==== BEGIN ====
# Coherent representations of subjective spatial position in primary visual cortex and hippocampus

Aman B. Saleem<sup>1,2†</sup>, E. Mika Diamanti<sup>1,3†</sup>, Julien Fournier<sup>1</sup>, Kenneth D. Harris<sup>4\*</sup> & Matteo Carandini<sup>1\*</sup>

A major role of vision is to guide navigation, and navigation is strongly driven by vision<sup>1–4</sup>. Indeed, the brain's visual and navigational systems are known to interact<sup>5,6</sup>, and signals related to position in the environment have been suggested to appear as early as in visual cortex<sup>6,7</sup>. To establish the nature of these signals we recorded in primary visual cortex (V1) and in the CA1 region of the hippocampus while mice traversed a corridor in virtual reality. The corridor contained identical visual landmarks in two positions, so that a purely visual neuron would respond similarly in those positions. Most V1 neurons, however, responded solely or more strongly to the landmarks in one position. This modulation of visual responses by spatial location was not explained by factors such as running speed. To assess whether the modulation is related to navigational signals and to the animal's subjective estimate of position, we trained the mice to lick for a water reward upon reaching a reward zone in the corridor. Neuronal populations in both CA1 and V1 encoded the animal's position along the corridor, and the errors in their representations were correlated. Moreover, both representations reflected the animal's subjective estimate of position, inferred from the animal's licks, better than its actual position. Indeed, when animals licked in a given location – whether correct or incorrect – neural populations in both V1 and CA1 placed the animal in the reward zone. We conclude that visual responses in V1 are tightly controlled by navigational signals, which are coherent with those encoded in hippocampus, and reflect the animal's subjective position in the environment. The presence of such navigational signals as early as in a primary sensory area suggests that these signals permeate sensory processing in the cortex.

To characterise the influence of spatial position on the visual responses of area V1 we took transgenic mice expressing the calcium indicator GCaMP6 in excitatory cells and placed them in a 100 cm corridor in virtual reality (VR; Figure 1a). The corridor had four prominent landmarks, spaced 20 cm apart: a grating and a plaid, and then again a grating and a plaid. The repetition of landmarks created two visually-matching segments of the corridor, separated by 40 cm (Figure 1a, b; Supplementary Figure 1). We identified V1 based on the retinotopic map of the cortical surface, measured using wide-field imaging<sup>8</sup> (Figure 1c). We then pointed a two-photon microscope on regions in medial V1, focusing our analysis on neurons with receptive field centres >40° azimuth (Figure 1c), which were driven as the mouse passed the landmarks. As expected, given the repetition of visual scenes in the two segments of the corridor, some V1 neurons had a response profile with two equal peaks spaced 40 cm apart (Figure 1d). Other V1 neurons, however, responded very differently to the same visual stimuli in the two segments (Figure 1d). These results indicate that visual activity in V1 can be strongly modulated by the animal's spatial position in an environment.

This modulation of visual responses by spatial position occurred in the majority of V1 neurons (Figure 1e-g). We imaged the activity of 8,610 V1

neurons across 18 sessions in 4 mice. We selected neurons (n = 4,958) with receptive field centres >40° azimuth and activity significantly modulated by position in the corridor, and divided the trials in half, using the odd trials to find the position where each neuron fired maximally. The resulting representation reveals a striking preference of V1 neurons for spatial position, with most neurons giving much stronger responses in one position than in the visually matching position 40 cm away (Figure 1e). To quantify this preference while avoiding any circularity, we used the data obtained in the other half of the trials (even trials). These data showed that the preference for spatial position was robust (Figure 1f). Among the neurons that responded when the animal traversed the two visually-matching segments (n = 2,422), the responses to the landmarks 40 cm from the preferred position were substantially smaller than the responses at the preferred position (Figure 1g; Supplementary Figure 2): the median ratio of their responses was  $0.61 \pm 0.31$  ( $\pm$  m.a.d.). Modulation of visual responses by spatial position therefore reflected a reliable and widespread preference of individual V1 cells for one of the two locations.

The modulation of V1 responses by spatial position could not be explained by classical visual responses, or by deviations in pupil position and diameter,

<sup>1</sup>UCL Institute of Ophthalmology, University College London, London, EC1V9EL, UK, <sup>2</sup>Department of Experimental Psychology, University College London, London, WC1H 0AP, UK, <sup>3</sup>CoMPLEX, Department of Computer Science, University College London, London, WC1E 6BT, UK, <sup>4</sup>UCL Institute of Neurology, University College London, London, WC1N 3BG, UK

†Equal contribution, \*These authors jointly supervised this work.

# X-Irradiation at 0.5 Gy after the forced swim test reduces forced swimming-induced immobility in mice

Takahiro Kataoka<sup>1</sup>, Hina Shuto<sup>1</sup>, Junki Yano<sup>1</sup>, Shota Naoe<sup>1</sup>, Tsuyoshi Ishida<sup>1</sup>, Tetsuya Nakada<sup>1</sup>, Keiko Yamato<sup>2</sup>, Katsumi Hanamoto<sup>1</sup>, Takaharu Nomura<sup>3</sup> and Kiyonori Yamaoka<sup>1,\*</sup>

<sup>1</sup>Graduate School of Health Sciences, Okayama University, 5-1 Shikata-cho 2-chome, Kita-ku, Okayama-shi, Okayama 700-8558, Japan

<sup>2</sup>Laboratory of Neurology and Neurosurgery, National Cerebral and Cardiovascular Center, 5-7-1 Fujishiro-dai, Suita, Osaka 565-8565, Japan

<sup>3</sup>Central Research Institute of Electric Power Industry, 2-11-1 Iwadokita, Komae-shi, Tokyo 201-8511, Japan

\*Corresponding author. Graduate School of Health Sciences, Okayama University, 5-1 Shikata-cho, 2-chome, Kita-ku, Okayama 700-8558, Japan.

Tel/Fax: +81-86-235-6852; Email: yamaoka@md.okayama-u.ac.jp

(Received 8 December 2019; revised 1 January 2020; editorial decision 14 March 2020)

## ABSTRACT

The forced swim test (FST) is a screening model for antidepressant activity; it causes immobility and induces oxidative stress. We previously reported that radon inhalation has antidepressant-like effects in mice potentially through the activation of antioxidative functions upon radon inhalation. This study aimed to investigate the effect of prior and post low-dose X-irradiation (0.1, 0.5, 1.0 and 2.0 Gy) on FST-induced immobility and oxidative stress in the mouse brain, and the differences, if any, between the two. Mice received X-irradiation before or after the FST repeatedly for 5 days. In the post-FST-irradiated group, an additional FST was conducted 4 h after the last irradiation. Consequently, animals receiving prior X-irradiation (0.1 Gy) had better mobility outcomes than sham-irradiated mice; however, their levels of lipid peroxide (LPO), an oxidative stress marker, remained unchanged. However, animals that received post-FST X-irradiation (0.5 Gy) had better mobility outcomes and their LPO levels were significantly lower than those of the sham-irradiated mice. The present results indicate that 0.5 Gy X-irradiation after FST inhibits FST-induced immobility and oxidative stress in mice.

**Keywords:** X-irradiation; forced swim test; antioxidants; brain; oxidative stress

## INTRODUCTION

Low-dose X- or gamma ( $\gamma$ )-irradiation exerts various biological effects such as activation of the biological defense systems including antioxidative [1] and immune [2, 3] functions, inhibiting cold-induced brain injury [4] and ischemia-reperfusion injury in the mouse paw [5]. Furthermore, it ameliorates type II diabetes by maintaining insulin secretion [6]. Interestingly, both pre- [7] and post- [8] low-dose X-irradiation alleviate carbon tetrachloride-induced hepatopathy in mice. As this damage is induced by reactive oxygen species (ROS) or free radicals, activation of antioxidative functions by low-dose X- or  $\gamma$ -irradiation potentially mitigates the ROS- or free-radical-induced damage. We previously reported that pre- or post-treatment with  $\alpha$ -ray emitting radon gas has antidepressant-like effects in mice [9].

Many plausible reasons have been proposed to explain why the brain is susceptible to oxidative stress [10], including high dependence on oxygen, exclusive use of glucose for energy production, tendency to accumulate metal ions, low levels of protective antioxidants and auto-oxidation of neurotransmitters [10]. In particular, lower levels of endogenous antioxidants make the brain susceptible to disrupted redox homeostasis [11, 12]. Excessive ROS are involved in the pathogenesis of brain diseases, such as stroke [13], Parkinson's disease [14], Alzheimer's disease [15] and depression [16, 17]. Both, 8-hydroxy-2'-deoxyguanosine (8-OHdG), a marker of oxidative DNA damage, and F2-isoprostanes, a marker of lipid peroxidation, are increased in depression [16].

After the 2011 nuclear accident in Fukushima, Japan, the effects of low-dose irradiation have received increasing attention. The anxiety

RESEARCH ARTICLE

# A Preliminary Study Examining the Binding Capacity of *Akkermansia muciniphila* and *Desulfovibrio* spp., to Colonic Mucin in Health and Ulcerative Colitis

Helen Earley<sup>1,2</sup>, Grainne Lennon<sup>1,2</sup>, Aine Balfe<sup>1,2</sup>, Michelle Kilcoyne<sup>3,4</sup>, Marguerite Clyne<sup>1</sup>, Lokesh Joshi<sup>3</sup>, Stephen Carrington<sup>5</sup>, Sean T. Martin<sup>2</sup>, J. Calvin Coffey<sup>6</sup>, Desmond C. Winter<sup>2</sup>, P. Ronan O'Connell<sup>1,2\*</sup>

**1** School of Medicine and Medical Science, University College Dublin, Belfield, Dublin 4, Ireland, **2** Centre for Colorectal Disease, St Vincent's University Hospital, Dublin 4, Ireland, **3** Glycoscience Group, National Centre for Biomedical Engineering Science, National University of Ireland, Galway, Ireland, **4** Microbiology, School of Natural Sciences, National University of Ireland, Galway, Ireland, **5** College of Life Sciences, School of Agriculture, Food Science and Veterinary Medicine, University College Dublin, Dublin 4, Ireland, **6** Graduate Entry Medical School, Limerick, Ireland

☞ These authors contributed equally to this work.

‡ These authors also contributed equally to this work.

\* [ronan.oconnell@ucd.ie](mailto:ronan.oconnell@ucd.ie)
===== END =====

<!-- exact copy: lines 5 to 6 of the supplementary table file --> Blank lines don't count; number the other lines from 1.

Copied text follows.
This modulation of visual responses by spatial position occurred in the majority of V1 neurons (Figure 1e-g). We imaged the activity of 8,610 V1

neurons across 18 sessions in 4 mice. We selected neurons (n = 4,958) with receptive field centres >40° azimuth and activity significantly modulated by position in the corridor, and divided the trials in half, using the odd trials to find the position where each neuron fired maximally. The resulting representation reveals a striking preference of V1 neurons for spatial position, with most neurons giving much stronger responses in one position than in the visually matching position 40 cm away (Figure 1e). To quantify this preference while avoiding any circularity, we used the data obtained in the other half of the trials (even trials). These data showed that the preference for spatial position was robust (Figure 1f). Among the neurons that responded when the animal traversed the two visually-matching segments (n = 2,422), the responses to the landmarks 40 cm from the preferred position were substantially smaller than the responses at the preferred position (Figure 1g; Supplementary Figure 2): the median ratio of their responses was  $0.61 \pm 0.31$  ( $\pm$  m.a.d.). Modulation of visual responses by spatial position therefore reflected a reliable and widespread preference of individual V1 cells for one of the two locations.